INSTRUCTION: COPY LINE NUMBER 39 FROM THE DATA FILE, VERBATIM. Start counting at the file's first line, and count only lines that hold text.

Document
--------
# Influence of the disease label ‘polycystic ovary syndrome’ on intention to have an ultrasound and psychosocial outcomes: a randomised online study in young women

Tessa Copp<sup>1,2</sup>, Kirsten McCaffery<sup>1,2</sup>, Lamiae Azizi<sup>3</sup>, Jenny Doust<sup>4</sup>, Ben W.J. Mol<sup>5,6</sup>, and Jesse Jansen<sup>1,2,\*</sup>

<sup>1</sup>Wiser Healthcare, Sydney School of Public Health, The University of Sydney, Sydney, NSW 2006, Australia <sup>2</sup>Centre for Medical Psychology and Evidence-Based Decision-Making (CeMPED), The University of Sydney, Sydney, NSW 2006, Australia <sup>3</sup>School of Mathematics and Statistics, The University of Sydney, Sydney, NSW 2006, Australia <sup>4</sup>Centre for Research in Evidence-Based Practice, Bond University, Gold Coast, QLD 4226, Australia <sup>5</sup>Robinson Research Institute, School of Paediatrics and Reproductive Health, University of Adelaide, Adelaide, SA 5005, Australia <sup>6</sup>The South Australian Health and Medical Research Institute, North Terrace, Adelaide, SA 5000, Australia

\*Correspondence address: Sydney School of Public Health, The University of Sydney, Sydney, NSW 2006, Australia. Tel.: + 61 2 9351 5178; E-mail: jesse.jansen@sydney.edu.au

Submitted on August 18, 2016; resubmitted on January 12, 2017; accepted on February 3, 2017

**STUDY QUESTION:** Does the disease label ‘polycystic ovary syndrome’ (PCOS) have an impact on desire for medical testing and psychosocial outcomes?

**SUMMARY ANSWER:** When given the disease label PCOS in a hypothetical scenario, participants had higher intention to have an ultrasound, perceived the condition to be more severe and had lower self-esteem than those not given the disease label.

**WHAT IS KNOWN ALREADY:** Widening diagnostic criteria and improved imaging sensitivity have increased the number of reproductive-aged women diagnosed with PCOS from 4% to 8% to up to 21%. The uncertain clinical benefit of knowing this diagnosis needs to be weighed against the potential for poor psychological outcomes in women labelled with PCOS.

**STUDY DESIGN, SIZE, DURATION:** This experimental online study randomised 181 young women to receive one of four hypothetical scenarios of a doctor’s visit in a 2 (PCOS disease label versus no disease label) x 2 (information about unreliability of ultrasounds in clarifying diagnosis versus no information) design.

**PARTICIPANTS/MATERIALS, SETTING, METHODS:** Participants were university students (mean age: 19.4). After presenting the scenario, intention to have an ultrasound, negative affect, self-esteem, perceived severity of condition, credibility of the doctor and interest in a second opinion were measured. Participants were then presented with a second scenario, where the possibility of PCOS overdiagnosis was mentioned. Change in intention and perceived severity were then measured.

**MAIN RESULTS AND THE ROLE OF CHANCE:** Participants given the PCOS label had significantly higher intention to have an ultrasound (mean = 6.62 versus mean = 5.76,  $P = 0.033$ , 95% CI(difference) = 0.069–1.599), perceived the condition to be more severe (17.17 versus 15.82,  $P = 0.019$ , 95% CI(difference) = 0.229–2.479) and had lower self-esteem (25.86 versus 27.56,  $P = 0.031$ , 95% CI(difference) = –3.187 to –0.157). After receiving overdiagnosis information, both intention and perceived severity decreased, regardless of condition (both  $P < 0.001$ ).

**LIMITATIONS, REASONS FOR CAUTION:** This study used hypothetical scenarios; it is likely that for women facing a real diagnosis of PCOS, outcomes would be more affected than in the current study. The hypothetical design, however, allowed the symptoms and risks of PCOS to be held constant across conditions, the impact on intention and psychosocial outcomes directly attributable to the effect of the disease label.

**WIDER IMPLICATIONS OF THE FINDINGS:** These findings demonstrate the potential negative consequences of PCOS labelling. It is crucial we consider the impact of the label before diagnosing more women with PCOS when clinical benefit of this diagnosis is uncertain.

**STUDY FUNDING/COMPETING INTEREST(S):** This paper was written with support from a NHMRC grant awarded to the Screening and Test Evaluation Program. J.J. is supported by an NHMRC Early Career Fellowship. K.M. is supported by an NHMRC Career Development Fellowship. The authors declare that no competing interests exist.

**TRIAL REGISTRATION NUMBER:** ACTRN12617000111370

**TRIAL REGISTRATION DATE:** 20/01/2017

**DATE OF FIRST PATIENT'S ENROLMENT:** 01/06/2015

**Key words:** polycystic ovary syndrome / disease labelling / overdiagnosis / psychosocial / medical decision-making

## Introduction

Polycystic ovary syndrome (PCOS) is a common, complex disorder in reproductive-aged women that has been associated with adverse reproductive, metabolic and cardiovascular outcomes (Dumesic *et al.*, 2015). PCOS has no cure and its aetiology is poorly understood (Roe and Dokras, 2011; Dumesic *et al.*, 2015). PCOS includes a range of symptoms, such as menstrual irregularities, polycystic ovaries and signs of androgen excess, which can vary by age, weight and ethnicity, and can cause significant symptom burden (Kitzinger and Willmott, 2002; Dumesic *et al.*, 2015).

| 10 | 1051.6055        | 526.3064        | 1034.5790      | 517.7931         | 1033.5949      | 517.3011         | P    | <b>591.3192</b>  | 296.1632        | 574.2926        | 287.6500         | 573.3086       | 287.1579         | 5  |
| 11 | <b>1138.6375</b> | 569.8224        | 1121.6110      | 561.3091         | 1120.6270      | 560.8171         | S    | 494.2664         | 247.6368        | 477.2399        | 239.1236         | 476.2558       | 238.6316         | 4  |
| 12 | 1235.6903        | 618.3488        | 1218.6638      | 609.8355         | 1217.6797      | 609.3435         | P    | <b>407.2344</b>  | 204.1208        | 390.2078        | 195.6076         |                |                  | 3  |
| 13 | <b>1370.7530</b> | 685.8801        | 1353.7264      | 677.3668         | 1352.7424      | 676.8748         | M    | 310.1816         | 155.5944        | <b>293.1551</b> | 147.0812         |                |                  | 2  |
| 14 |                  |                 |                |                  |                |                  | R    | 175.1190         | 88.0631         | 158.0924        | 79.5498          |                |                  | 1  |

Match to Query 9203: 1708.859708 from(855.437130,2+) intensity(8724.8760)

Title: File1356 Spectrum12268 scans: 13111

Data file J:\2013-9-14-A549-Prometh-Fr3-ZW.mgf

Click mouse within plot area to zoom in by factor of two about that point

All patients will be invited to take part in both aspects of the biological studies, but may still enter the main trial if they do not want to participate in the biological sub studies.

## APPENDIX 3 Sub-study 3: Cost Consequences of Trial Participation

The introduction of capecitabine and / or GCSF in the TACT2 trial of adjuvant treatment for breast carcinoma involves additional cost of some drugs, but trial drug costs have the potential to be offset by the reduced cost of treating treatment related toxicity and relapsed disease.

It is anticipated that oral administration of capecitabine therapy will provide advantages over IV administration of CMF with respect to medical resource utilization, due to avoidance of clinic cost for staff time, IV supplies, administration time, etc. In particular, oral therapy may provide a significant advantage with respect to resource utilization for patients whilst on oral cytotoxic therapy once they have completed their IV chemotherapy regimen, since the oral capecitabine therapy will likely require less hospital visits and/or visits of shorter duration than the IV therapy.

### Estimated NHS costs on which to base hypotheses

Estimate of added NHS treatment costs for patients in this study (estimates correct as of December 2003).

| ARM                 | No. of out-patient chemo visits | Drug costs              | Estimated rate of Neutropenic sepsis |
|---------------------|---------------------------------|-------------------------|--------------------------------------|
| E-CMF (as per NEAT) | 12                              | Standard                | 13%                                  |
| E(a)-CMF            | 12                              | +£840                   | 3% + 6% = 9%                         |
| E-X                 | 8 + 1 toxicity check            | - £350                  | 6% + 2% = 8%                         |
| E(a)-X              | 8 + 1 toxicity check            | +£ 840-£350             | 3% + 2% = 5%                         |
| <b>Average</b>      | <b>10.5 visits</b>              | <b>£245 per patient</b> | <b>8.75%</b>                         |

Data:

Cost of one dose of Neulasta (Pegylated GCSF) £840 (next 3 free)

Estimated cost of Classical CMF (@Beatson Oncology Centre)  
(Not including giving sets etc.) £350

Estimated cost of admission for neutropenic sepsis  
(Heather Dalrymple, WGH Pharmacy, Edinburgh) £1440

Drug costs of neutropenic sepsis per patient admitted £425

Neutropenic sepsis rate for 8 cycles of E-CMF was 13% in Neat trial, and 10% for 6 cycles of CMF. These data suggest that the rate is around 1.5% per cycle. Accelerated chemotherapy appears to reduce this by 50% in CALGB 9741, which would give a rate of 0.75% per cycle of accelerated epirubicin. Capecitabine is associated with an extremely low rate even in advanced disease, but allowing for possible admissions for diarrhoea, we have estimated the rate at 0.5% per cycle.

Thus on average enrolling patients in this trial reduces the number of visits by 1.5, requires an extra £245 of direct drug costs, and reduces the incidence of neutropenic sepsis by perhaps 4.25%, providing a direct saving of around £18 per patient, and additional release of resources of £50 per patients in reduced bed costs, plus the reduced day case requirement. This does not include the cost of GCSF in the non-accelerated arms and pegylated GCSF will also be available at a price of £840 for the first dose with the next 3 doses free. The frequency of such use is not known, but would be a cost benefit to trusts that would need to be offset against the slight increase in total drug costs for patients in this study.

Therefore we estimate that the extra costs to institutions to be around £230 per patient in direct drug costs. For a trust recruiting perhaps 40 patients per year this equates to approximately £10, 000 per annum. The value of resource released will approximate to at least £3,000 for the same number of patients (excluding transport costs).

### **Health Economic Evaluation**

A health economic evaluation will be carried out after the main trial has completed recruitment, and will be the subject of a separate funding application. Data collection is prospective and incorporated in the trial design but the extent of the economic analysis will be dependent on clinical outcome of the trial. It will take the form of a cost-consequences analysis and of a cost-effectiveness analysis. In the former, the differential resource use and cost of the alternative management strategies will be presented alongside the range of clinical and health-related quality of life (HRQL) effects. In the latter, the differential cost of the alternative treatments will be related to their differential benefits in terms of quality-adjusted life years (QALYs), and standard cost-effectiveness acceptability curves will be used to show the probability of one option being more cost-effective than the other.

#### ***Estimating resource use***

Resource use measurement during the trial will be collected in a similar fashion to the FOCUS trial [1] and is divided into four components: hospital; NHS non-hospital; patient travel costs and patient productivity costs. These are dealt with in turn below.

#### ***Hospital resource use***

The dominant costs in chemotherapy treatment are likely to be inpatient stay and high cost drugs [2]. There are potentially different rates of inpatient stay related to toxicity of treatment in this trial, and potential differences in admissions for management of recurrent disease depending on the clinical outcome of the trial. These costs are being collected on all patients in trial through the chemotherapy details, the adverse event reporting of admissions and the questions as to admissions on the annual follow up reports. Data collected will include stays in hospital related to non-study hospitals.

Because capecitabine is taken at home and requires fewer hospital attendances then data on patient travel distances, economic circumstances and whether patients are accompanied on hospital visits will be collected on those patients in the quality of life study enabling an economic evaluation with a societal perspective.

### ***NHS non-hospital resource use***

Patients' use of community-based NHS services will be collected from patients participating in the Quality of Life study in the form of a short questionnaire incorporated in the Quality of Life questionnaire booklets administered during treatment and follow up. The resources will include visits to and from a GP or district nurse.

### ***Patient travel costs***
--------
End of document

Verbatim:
| E(a)-CMF            | 12                              | +£840                   | 3% + 6% = 9%                         |